Interview with award-winning Author and Broadcaster, Antony Funnell
Antony Funnell is a Walkley award-winning Author and Broadcaster who currently presents the ABC podcast Future Tense.
Medianet sat down with Antony to discuss his career and experiences in the media industry.
You are currently working as the host of the Future Tense podcast for ABC as well as being a published author. How did you first start your career?
I was doing history, politics, and philosophy at university and got to the end of it, having a fantastic time, and realised I now had to find something - a job.
I was always interested in issues and particularly public affairs, politics, and international relations, and it just seemed like a natural fit to enter journalism. So, I did a course on journalism at UQ and eventually got a cadetship with the ABC and just went forward from there.
A lot of people find themselves falling into journalism after studying something different. It’s a very versatile career!
Yeah, it really was an accidental career path for me, in a sense. But I also was one of those classic kids, I suppose, who didn’t quite know what I wanted to do at the end of uni.
My great skill in life is that I’m naturally inquisitive. I like finding out things, and once I got working I discovered that I’m actually quite good at explaining things to people, breaking complex matters down; which is a lot of what I do in the Future Tense podcast and before as the host of Media Report on ABC Radio National.
What makes technology journalism so unique and what first drew you in?
As my career developed I noticed how technology became more and more entwined within the entire landscape of life, in fact, the first episode of Future Tense was in 2009 and was the same week President Barack Obama was inaugurated.
The title of that episode was ‘The Internet President’ which shows that even back then, over a decade ago, people were talking about the great potential of technology to change the world and the way we communicated with each other.
It was a really exciting time, but it was full of hype and spin and it just seemed like there was such a big opportunity there for someone like me to actually be a bit more skeptical about new directions.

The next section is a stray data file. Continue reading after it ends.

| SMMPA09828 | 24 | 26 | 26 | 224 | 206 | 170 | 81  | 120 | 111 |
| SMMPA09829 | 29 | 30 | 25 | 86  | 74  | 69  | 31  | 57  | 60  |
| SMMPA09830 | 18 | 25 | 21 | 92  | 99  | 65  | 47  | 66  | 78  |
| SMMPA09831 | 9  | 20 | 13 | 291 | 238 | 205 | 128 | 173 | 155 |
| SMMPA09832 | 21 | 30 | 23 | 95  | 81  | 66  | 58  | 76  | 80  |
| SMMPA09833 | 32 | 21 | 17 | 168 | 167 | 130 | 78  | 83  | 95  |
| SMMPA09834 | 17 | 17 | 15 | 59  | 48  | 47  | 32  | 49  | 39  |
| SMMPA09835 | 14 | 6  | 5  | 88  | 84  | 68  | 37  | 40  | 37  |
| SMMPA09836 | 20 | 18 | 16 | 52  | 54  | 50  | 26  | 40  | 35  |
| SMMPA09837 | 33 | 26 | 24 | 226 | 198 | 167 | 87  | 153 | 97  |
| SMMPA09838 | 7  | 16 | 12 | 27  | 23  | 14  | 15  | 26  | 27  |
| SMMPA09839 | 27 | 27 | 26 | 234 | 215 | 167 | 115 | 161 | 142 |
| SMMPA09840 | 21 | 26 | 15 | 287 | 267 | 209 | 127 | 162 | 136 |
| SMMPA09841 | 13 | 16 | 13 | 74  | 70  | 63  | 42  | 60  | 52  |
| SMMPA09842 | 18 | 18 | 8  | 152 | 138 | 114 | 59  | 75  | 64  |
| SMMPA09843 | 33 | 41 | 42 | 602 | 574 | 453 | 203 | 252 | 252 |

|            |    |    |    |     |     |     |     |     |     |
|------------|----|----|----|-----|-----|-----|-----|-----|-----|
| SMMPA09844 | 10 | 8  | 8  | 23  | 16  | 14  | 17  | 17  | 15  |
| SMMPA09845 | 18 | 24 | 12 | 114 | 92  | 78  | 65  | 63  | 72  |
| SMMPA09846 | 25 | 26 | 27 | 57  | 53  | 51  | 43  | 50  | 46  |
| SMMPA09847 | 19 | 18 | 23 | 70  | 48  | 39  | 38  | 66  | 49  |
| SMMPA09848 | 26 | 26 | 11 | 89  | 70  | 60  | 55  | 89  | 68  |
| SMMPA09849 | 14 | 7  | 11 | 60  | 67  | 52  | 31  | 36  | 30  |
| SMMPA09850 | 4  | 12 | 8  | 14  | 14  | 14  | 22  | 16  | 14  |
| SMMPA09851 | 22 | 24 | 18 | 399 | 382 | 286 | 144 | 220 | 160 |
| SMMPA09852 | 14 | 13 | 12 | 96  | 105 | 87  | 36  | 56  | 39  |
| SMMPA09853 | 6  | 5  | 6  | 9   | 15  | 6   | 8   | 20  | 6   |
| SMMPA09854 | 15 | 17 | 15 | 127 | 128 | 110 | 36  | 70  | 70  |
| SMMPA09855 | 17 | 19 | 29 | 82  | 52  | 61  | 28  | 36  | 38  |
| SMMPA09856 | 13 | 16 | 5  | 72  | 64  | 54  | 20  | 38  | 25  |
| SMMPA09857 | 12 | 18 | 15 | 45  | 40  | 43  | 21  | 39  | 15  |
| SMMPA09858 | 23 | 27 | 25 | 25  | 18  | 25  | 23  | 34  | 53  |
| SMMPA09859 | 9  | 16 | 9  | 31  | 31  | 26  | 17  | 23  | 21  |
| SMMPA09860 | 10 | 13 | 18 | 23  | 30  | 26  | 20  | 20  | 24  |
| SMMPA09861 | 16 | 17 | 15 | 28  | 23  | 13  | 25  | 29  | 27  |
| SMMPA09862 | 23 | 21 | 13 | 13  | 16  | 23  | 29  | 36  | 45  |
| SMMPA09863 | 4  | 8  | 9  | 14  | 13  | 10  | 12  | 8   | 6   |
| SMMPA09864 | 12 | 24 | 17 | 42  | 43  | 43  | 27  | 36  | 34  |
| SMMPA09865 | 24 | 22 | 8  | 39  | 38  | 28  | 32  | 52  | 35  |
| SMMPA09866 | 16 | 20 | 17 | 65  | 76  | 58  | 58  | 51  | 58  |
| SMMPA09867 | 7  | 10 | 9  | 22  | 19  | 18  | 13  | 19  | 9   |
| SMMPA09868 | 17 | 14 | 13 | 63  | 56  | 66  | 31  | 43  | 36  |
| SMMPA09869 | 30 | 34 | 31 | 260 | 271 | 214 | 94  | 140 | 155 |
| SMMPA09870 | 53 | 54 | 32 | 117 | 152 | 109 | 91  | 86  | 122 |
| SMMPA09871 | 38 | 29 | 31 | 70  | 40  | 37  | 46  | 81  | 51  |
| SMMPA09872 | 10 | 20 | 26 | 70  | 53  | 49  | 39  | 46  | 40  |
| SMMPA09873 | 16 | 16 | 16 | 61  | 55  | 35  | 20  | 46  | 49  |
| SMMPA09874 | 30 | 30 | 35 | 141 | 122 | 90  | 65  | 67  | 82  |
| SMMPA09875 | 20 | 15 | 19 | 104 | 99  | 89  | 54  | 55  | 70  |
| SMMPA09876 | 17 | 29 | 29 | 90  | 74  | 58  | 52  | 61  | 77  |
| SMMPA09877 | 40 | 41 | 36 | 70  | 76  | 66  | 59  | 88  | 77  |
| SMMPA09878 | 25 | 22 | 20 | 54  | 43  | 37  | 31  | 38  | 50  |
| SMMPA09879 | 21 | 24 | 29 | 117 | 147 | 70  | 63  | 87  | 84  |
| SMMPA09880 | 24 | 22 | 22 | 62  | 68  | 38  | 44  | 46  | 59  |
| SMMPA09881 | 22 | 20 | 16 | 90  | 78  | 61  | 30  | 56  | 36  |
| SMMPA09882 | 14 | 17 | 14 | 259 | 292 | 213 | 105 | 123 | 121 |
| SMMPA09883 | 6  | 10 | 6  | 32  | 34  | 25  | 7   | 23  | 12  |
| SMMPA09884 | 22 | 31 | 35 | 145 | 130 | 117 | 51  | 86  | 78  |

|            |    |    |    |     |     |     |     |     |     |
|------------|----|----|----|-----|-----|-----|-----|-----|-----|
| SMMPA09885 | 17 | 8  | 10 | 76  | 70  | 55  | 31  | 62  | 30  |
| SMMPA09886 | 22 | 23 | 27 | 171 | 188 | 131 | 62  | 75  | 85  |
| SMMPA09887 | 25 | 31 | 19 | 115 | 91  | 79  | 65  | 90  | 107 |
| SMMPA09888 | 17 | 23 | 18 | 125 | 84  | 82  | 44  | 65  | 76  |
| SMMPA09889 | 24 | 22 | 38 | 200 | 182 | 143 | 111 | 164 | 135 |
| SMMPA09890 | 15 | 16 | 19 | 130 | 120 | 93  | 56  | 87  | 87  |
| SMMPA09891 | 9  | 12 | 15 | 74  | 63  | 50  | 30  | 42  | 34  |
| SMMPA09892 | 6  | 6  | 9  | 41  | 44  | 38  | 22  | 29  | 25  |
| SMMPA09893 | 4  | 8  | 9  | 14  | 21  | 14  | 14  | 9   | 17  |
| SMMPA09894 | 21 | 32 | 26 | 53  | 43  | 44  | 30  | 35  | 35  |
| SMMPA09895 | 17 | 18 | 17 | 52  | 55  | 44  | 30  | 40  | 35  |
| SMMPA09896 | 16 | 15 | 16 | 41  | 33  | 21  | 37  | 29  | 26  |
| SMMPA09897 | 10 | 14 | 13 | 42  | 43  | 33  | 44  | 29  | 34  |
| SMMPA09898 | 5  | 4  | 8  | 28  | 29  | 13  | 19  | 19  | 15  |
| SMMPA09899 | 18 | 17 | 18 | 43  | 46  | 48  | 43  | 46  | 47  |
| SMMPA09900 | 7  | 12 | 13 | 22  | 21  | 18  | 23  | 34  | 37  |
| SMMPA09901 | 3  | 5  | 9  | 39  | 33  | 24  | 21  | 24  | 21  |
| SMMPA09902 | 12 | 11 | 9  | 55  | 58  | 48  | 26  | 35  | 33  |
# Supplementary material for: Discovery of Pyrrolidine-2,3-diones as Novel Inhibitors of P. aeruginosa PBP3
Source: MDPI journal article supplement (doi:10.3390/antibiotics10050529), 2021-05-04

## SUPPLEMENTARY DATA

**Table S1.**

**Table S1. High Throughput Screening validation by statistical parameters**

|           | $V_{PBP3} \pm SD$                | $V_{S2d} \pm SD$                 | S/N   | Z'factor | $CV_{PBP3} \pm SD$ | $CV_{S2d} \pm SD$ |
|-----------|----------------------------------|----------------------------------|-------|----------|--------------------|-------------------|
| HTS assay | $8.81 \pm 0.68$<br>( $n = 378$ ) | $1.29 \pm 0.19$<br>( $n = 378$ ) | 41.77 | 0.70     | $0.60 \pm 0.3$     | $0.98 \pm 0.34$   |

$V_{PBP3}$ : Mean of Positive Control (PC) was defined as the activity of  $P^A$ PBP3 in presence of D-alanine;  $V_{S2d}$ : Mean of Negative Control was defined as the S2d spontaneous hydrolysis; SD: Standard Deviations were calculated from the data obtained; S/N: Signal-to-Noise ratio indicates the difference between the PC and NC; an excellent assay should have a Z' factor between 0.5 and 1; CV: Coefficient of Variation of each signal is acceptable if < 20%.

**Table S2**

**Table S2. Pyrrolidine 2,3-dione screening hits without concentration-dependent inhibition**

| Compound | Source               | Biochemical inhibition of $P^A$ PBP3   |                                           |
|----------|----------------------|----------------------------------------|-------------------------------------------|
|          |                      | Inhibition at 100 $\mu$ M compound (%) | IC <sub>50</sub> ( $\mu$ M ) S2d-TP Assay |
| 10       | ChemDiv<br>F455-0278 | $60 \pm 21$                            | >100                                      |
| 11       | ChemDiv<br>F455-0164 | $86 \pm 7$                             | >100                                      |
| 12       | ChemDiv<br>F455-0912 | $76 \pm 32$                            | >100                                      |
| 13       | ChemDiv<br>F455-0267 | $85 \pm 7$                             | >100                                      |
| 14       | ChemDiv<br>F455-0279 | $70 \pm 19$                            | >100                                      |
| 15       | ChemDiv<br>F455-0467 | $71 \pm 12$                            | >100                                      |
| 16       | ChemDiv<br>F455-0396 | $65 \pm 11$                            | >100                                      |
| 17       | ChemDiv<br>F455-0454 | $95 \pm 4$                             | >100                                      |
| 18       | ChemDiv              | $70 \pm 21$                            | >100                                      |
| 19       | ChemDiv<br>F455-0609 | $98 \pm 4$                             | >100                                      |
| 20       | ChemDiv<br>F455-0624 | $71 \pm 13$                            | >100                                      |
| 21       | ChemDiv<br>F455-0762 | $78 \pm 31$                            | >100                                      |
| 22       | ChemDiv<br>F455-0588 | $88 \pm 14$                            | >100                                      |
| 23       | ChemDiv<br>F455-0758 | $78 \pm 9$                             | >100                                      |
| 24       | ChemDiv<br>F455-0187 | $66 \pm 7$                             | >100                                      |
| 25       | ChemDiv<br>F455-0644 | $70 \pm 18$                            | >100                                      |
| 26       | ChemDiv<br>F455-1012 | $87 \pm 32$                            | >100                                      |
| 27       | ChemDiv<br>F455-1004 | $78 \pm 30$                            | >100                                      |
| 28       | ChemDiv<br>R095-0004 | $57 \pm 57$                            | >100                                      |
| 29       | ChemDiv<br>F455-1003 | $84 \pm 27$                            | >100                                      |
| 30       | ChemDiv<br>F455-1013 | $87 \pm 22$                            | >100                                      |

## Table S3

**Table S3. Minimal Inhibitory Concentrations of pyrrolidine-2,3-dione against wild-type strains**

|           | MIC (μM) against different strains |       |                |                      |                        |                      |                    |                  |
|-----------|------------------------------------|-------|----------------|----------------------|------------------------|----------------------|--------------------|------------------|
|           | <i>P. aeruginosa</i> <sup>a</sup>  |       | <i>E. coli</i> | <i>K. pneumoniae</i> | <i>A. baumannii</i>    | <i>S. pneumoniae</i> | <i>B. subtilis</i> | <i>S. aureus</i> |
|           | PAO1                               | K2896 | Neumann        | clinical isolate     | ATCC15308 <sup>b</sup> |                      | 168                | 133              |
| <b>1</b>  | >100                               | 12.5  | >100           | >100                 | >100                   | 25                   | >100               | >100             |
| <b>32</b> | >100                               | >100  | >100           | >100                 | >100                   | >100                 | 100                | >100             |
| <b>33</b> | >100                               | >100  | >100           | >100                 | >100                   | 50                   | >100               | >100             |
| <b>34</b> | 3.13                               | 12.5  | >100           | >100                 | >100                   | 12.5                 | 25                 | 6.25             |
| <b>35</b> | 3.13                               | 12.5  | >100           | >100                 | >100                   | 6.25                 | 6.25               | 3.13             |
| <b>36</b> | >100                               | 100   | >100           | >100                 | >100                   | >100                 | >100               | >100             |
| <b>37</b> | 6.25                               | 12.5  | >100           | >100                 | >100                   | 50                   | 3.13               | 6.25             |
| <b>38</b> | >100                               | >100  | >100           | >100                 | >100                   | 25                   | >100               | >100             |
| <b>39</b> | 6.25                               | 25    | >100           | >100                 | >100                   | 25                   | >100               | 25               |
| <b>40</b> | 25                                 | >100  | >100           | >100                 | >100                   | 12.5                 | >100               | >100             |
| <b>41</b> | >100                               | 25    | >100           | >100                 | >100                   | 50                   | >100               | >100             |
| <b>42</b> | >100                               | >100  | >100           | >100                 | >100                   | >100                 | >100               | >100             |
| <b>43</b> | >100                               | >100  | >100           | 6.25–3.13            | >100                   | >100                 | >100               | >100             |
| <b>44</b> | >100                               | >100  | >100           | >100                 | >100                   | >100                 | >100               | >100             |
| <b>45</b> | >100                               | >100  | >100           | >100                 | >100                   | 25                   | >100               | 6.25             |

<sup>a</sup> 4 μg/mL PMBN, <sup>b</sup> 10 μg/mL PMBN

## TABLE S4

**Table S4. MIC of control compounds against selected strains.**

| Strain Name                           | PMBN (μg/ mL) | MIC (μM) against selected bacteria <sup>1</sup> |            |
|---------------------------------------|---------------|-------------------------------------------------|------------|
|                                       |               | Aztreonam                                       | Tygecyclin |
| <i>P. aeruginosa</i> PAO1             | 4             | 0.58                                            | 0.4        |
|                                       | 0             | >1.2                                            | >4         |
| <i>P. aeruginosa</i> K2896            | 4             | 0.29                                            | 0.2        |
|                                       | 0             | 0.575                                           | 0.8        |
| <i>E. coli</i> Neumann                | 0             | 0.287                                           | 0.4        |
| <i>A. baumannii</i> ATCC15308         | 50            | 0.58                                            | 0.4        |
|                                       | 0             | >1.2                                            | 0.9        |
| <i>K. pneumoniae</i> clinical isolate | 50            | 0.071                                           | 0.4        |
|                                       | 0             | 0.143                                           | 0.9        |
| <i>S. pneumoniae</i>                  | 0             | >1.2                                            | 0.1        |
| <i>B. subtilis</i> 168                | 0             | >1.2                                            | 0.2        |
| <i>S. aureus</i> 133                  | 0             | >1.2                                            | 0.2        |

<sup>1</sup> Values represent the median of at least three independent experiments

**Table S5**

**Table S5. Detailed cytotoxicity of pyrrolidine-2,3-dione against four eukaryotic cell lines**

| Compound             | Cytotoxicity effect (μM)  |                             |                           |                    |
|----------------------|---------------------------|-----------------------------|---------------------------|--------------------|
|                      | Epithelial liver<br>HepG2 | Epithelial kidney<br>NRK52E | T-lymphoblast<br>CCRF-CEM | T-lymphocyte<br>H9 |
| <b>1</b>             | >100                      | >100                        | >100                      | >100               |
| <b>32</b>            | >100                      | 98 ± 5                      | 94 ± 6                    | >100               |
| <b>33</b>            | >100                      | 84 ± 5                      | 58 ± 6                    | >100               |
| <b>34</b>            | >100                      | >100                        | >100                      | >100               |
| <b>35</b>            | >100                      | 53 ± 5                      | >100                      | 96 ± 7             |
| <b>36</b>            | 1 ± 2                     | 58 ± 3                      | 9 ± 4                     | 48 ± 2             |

It led me to start thinking about things such as: “Where is this digital technology ultimately going to take us? What are the benefits? What does it mean? What are the costs?”
Interestingly, I think the really big change came with the Cambridge Analytica scandal.
As journalists we are meant to be skeptical and ask questions, but from that scandal on everyone began to view technology a bit differently.
Acknowledging that while there were a lot of good aspects to how the world was changing, there was also a lot of bad.
How do you stay on top of all the new developments and changes in technology?
Well, from my own perspective it’s always been most important for me not to get caught up in all of the gadgetry and products.
I remember when the iPhone was first launched and I remember people asking me if I was going to cover it. It already had a lot of coverage in mainstream media, so I said, “We won’t cover the launch but we will cover how people interact with it, how they start using it, and how they really feel about it.”
At Future Tense we always try to keep pace with the rapid changes going on in the world, but put them in more of a social context - asking, for example how this will affect how we engage with each other, or the ways we understand the world. Having this viewpoint is helpful in making great and steady content, instead of just being enamoured by every new device, website, or platform that comes along.
You can imagine that my inbox is just always stuffed with people pitching their newest invention - it’s always “the future” of this or the future of that!
Having a healthy dose of skepticism and looking more broadly at why these things matter to us as a society is much more important.
What do you predict humanity’s relationship with technology will be like in the future?
I think the biggest worry is not that we overuse technology. A lot of people think that addiction to gadgets and devices is a really huge problem, which I’m not so sure about.